When do you go for a beach sight?

A week later, I am back in Dublin, just in time to watch the final of the Big Brother UK house eviction.

It’s the first time I’ve been able to spend much time out of the house, and I am determined to enjoy it all the more.

As it happens, I have a good friend who has taken me out for a stroll around the city, so I can’t really complain about that.

But this weekend, as I’m going through my bags at the airport, I’m suddenly reminded of something that has happened to me on a few occasions recently.

On my way to my hotel, I spot a large sign in the window announcing a boat tour of the south coast of Ireland, and it’s about to begin.

“Go to The Belly, the first pub in Dublin,” it tells me.

“It’s a good place to drink.” 

The pub’s proprietor, a man named Michael, tells me it’s been open for 20 years and it has been “a favourite spot for Dubliners”.

“It just happens to be the last pub in the city,” he says, referring to the old Dublin Hotel.

He also says that the pub’s owner has always been an avid gardener.

And then he says something that makes me realise that Michael is talking about the Belly. 

It’s the last one in Dublin.

“No, no,” I say, thinking of the people that have died here and the people I know who have lost loved ones.

I don’t even want to think about what he’s said to me. 

I start the tour.

It starts with me walking through the Ballybofey and heading down the road to the Bogan Street Belly Pub. 

At this point, I know I’m on to something.

There is a large, open space in the centre of the Boseman Road, and when you look around, it seems to be a kind of graveyard for all those that have passed.

The space is covered with a dark red, black and white banner with the words, “Bogan Street”. It reads: “We will see you tomorrow.”

The sign says, “Welcome home.” 

When I look up, I see a young man standing on the balcony overlooking the area, wearing an orange T-shirt.

I turn and walk up to him and tell him hello.

“Welcome back, sir,” he responds.

“Nice to see you again, mate,” I reply.

I ask him where he is from.

He replies that he’s from the US. 

“No, I don, you’ve been away,” I tell him.

“I’ve been out on the boat,” he replies.

“We haven’t been there since yesterday,” I point out.

“Yeah, well, we are,” he agrees.

“Yes,” I respond.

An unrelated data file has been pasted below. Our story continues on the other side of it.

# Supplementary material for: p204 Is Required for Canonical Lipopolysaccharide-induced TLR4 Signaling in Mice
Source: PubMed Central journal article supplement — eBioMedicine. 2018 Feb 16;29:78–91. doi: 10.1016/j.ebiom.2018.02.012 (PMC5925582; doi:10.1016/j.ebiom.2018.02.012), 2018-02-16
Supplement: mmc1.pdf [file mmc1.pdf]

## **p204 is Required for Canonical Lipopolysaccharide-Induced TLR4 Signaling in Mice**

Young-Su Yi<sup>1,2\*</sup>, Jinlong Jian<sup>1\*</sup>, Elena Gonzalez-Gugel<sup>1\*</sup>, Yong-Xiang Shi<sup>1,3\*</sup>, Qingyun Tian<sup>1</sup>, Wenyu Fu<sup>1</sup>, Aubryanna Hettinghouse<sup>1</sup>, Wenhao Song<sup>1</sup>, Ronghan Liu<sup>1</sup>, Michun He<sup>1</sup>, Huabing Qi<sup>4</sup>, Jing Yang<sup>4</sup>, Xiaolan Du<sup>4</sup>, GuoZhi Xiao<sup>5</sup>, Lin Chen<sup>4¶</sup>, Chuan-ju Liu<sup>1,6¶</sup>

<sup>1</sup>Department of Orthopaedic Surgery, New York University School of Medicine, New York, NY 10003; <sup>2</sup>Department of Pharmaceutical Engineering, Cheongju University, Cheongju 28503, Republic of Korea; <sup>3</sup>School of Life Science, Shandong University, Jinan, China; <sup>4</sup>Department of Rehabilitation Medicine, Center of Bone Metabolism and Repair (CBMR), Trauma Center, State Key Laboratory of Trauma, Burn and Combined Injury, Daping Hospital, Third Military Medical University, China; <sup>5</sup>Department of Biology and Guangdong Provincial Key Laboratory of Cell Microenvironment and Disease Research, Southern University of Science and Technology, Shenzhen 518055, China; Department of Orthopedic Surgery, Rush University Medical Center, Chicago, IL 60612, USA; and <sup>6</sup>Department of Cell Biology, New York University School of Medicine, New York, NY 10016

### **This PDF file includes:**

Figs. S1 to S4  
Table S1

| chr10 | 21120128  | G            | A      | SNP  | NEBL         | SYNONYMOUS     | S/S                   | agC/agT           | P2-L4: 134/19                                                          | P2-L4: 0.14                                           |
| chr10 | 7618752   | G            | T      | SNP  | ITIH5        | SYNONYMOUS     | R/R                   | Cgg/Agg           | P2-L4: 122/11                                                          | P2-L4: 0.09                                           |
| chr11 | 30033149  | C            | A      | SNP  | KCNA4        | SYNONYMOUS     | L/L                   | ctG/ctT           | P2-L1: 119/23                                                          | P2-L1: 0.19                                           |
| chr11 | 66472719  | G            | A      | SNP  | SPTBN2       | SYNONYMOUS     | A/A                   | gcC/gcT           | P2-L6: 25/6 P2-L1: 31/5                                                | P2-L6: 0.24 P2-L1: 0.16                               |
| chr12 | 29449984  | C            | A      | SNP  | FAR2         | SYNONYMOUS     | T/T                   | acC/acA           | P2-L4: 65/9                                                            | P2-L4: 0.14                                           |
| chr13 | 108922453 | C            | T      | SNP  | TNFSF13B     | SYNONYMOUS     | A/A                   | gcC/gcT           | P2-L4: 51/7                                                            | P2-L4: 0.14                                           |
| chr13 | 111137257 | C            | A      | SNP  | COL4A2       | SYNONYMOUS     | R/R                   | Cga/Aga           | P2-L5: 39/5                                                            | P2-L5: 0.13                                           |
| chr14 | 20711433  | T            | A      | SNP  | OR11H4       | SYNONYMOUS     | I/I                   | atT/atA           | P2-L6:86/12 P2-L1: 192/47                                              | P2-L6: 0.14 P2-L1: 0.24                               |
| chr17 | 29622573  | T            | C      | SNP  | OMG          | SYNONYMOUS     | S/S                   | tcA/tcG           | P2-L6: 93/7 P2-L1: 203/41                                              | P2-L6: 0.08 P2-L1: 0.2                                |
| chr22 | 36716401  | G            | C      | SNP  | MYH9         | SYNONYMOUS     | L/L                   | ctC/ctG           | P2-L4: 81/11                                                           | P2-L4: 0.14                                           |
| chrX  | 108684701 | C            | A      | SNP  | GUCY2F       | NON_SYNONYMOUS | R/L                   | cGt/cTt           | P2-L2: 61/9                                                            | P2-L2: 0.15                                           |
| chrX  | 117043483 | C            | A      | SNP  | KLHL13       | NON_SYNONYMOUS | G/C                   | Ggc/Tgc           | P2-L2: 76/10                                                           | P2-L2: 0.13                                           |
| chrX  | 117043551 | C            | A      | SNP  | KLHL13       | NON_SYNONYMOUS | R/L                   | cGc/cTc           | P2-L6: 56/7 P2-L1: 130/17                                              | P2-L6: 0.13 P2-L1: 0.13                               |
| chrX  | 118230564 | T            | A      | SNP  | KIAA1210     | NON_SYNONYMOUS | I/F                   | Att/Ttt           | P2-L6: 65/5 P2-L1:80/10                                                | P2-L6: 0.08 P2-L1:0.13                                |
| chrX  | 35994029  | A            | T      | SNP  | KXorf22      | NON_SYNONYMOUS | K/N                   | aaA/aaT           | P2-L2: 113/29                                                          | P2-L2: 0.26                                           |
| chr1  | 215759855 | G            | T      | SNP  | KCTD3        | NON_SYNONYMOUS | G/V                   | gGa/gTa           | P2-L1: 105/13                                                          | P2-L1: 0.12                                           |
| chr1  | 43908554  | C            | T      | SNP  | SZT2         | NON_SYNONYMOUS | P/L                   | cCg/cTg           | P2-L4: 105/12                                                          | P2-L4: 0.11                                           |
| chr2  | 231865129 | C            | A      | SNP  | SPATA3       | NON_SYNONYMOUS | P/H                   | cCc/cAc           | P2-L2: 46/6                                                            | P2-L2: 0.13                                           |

We talk for a few minutes and then we head into the Brazen Square area.

“Look, the sun’s coming up,” Michael tells me, pointing towards a big orange sign that says, “Welcome home”. 

“It’s very hot here,” I remark. 

The sign then says,  “If you want to go out on a boat, there’s a place to stay nearby.” 

“Yes, that’s right,” Michael replies. 

He tells me to get in the boat and to sit in the seat in front of the window. 

After a while, I realise that it is not a very good idea to sit on the seat.

It is very hot and I have not eaten in about 15 minutes.

I tell Michael that I will have to return later to the hotel, but I am worried that the heat will make me sick. 

When Michael tells the tour guide that we need to go to the Hotel Bogan, I get the idea that he may have meant the Bogans. 

That is when I realise the danger of my lack of knowledge. 

Before I go, I ask the tour operator to look at my map and to ask my friend if I need to be checked in. 

Michael tells me that I’m not required to do anything on the tour and that I can leave anytime I like. 

Then, just before we leave, I notice that Michael has taken a seat next to the tour group. 

My eyes are drawn to the large, orange sign on the Bosphorus, which says,  “Welcome Home”. 

I feel very uncomfortable at this moment. 

So I ask Michael to look behind him. 

But he doesn’t notice me.

“Where’s that?”

I ask. 

Suddenly, he appears and says, to my surprise, that I am not required by law to be on the ship. 

This is a really big deal.

I am now a criminal. 

If I were to be found guilty, I could be sentenced to three years in prison.